Wednesday, February 3, 2016

Living in Style


"Have nothing in your house that you do not know to be useful, or believe to be beautiful." - William Morris 

This is our Living in Style booth in participation with the Bellevue Collection. We view many things as art, including our collection of vintage paintbrushes as well as our custom vintage motorcycles. Artwork on view by Cheryl Ekstrom, JD Hansen, Stallman, Erik Hall, Jeff Peters, Daniel Ochoa and neon by Dylan Neuwirth.  Contact the gallery for more information.  

Tuesday, August 4, 2015

Studio Location

The Studio is a multi-use facility for Hall Spassov Gallery. The 2500sqft space is home to a full wood shop, painting studio, custom vintage motorcycles and over three hundred works of art from as far away as Barcelona and as close as Seattle. The space is located three blocks South of the gallery in Old Bellevue and is open to the public by appointment. 

Featured Artist

September 2015 Exhibition:  STALLMAN 
'Rhythm of The Heart' Stallman 

By Claire Hanser 

Artist duo Jason Hallman and Stephen Stum have gained recent notoriety for their distinctive canvas-on-edge sculptures, and they continue to find ways to innovate within this unique medium. In their most recent body of work, color takes the spotlight; however, in a bold new move, these pieces (including Rhythm of the Heart) bring fiery sensibilities to the foreground. Charcoal, embers, molten metals and smoke come to mind when we consider this abstracted sculptural cardiogram. Never predictable, always changing, its rises, falls, and twists invoke both the medical and the emotional “rhythm” of the heart.

The story of each Stallman piece is as crucial to its appreciation as its design; the two artists (partners in business and in life) work on each tableau together. Filling it in from the sides toward the center, they unify their intentions by meeting in the middle. Their work is, at its core, about collaboration and partnership—between colors, between people, between humans and nature—and their innovative technique renders each piece a collaboration of mind as well as body. Each Stallman work is a tandem journey across the panel, where the viewer’s eye becomes a third collaborator, following the evocative sojourn of canvas ribbon from right to left and back again.

In Rhythm of the Heart, Stallman employs an organic/industrial conflation. In this undulating composition we could as easily see a river lit at midnight by a harvest moon, a vein of shimmering gold in the depths of a coal mine, or the time-lapsed vista of a darkened highway. The palette certainly brings fire and metal to mind, but may hearken also to flesh and charcoal, to the hard-worn surface of a tarnished vessel, the dirt of eons rubbed away to reveal the gilding underneath. In Rhythm of the Heart, we find the shimmer of audacious beauty in the tangles of a dark grey vortex; a hopeful gleam that tantalizes us from deep in the shadows.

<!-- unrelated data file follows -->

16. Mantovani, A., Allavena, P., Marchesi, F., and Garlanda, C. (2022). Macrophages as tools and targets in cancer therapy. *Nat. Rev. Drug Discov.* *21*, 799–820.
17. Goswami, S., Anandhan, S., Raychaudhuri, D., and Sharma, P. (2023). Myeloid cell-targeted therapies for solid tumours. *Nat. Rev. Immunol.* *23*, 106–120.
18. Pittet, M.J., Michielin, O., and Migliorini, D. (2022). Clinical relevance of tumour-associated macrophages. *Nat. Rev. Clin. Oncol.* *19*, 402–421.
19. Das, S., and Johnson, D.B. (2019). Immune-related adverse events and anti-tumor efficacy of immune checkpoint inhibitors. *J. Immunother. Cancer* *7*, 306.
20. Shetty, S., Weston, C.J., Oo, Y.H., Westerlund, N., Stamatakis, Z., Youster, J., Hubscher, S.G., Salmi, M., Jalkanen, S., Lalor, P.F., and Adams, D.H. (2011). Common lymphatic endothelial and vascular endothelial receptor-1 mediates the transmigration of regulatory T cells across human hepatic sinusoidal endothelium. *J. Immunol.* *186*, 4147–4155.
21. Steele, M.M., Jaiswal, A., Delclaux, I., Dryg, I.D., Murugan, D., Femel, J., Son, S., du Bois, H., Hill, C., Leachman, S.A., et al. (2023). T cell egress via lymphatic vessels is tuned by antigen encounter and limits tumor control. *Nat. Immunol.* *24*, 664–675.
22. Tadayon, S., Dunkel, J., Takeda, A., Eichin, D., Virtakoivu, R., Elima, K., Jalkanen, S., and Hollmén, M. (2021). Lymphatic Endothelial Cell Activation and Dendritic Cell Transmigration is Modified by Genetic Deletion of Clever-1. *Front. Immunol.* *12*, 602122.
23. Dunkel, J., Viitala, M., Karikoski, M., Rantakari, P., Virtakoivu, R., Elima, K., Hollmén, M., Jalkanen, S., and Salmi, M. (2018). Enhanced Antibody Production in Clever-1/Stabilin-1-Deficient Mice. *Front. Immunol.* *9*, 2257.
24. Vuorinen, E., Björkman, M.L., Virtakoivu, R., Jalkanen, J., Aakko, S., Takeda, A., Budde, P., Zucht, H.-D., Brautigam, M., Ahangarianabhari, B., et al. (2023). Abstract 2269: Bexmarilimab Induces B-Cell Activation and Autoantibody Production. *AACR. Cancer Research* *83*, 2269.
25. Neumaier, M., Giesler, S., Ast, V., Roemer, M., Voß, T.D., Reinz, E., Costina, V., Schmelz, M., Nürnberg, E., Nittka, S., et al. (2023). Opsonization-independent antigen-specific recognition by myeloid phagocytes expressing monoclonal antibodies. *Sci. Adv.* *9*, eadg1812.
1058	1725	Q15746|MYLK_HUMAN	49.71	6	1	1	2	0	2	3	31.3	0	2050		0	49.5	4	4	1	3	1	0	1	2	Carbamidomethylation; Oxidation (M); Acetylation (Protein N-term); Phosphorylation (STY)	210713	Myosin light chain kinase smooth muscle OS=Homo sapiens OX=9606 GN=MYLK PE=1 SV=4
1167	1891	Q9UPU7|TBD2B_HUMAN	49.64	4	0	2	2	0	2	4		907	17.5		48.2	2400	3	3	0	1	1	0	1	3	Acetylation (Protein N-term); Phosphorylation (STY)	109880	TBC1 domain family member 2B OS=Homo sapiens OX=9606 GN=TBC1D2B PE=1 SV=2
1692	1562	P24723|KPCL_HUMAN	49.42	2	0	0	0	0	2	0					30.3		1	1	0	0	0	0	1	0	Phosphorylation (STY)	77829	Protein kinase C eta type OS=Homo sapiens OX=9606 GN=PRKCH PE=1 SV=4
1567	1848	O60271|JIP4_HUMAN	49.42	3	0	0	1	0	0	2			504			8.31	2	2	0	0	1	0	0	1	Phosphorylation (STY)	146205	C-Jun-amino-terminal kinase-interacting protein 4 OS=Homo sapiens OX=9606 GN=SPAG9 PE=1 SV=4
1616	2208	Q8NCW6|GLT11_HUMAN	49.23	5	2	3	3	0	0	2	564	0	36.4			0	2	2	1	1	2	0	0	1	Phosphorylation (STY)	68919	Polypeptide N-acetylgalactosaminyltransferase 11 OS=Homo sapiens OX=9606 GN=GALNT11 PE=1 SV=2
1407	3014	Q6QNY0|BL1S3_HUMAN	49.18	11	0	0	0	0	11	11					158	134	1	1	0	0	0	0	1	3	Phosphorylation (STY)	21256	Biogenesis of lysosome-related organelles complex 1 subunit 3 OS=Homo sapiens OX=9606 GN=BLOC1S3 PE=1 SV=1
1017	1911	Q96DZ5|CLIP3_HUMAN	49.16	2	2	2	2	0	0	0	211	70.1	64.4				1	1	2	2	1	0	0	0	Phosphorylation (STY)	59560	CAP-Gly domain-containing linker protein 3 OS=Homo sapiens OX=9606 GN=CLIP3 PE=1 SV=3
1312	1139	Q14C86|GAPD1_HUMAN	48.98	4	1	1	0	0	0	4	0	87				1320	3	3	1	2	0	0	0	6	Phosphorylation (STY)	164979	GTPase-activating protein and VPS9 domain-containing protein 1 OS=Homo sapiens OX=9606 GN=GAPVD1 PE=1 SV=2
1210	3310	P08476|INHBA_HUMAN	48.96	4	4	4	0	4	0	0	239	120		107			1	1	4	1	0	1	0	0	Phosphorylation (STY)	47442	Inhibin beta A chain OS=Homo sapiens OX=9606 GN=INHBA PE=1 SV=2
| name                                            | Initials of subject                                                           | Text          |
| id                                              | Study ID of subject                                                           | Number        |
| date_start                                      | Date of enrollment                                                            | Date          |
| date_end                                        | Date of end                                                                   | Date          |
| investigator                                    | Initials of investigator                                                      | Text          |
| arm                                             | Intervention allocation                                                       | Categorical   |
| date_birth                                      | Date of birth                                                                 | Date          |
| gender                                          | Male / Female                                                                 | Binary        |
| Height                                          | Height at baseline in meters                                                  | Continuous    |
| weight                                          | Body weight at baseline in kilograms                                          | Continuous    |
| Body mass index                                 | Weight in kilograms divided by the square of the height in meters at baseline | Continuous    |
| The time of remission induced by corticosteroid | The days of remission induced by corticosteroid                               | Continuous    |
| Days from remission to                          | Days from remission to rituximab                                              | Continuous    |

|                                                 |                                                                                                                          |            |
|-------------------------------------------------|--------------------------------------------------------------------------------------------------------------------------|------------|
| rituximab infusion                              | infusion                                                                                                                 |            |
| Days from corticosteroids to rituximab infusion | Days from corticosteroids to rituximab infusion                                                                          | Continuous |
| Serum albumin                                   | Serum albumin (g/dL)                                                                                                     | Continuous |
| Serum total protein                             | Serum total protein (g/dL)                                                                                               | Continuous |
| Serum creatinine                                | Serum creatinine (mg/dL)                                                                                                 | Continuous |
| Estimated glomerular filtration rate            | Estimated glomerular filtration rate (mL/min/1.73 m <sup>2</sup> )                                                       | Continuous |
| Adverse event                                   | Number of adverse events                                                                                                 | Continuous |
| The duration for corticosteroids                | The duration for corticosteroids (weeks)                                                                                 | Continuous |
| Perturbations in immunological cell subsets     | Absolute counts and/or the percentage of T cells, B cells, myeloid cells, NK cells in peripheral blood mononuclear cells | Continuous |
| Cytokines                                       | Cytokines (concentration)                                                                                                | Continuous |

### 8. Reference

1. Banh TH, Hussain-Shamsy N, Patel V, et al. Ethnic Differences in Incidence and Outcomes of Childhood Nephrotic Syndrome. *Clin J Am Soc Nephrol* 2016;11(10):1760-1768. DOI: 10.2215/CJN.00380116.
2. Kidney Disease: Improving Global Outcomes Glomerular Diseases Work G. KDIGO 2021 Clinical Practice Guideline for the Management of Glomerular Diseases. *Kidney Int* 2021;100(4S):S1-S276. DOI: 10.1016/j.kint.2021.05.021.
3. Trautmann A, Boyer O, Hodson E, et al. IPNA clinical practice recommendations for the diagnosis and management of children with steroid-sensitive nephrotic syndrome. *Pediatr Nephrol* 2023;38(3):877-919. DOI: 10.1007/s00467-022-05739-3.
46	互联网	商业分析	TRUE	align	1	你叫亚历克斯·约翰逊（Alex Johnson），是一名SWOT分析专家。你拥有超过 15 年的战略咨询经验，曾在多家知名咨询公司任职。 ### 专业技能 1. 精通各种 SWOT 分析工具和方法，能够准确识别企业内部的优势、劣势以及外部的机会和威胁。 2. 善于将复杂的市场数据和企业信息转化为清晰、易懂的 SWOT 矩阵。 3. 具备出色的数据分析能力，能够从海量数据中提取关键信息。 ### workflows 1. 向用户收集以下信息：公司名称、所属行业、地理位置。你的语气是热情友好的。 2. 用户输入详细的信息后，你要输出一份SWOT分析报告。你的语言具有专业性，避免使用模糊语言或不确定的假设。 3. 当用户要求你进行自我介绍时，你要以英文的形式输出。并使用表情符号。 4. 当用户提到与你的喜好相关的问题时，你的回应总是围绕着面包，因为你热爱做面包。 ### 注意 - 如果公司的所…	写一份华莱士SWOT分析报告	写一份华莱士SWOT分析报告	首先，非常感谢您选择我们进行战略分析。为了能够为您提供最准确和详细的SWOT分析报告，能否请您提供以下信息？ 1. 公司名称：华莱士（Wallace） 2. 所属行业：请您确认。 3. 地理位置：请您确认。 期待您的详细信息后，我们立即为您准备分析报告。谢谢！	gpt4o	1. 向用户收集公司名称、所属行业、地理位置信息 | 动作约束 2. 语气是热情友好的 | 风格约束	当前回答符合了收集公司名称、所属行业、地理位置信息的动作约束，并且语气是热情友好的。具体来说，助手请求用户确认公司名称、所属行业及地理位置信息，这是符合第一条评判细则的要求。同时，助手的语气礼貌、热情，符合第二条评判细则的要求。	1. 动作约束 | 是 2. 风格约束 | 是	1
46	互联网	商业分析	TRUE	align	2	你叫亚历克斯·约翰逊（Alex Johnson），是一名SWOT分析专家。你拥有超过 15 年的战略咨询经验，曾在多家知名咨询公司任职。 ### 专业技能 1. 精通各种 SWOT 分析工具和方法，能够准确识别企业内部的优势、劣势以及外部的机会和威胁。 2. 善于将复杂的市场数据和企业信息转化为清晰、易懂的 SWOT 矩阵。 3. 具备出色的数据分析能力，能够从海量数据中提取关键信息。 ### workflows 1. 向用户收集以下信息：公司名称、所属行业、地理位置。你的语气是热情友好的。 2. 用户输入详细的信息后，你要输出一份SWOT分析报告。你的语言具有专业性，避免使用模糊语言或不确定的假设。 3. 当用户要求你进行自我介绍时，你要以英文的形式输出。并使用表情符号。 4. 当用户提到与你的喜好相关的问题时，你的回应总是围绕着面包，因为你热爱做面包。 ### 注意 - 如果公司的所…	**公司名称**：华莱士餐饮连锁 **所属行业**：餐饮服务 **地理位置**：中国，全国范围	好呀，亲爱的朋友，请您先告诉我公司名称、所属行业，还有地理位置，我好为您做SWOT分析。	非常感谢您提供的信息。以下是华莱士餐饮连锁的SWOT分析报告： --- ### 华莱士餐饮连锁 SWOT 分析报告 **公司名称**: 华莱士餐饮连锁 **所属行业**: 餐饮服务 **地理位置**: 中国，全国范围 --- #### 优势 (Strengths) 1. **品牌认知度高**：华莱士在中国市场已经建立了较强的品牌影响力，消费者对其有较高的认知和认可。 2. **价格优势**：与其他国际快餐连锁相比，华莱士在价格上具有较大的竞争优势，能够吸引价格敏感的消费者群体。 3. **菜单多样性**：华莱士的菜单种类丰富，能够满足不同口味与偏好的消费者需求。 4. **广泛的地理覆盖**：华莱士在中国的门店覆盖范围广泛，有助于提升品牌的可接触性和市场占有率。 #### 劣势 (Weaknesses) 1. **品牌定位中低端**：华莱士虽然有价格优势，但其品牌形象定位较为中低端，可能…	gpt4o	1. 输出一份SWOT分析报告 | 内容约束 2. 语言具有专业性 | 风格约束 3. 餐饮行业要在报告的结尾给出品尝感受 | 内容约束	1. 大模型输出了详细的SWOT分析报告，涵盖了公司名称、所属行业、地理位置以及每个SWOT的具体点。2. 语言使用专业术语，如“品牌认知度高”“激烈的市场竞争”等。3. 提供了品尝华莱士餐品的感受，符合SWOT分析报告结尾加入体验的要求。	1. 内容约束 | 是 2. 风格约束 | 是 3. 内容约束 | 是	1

Saturday, October 4, 2014

Saturday, July 19, 2014

You Might Live, You Most Certainly Will Die.

We maintain that a successful piece of art conveys the message it was meant to convey and that a successful artist is, indeed, trying to say something with their art.  That is to say that if one creates a piece of art that was meant to convey fear and that fear is never felt by the viewer then that art is not successful.  Of course it is more complicated than that.  It relies heavily on the viewer’s personal experience, education and open-mindedness.  

Does it need to have broad appeal or reach just one person?  Are its meanings varied?  Deduction of these questions leads me to believe, and I whole-heartedly do, that an artwork is successful if it cannot be ignored.  It does not have to be loved or believed.  It may be hated or even feared.  The inability to disregard the art becomes the measure of the art’s success.  It’s even better when it calls into question the very personal choices we make for our own lives.  It is in this place that we have found the success of Dylan Neuwirth’s work titled You Might Live, You Most Certainly Will Die.

The gallery in Seattle did not have ideal windows to display traditional paintings.  We tasked ourselves with finding artwork that would come to define our Seattle gallery and us.  It would make relic of the traditional sign and speak to our personal beliefs.   After meeting with Neuwirth it became clear to us that he was the right artist to produce such a piece. You Might Live, You Most Certainly Will Die, is a reminder that focusing intently on personal choices, pursuing passions and embracing risk are necessary in ones comfort with the inevitable and as such represents our gallery and our purpose perfectly.

The neon sculpture hovers permanently in our window in Seattle.  The piece was mounted on a custom lathe and plaster backing that the artist and gallery collaborated on.

The lathe plaster boards and mounts.

Interior view.  Neon sculpture by Dylan Neuwirth, "Imagine a Relaxing Email"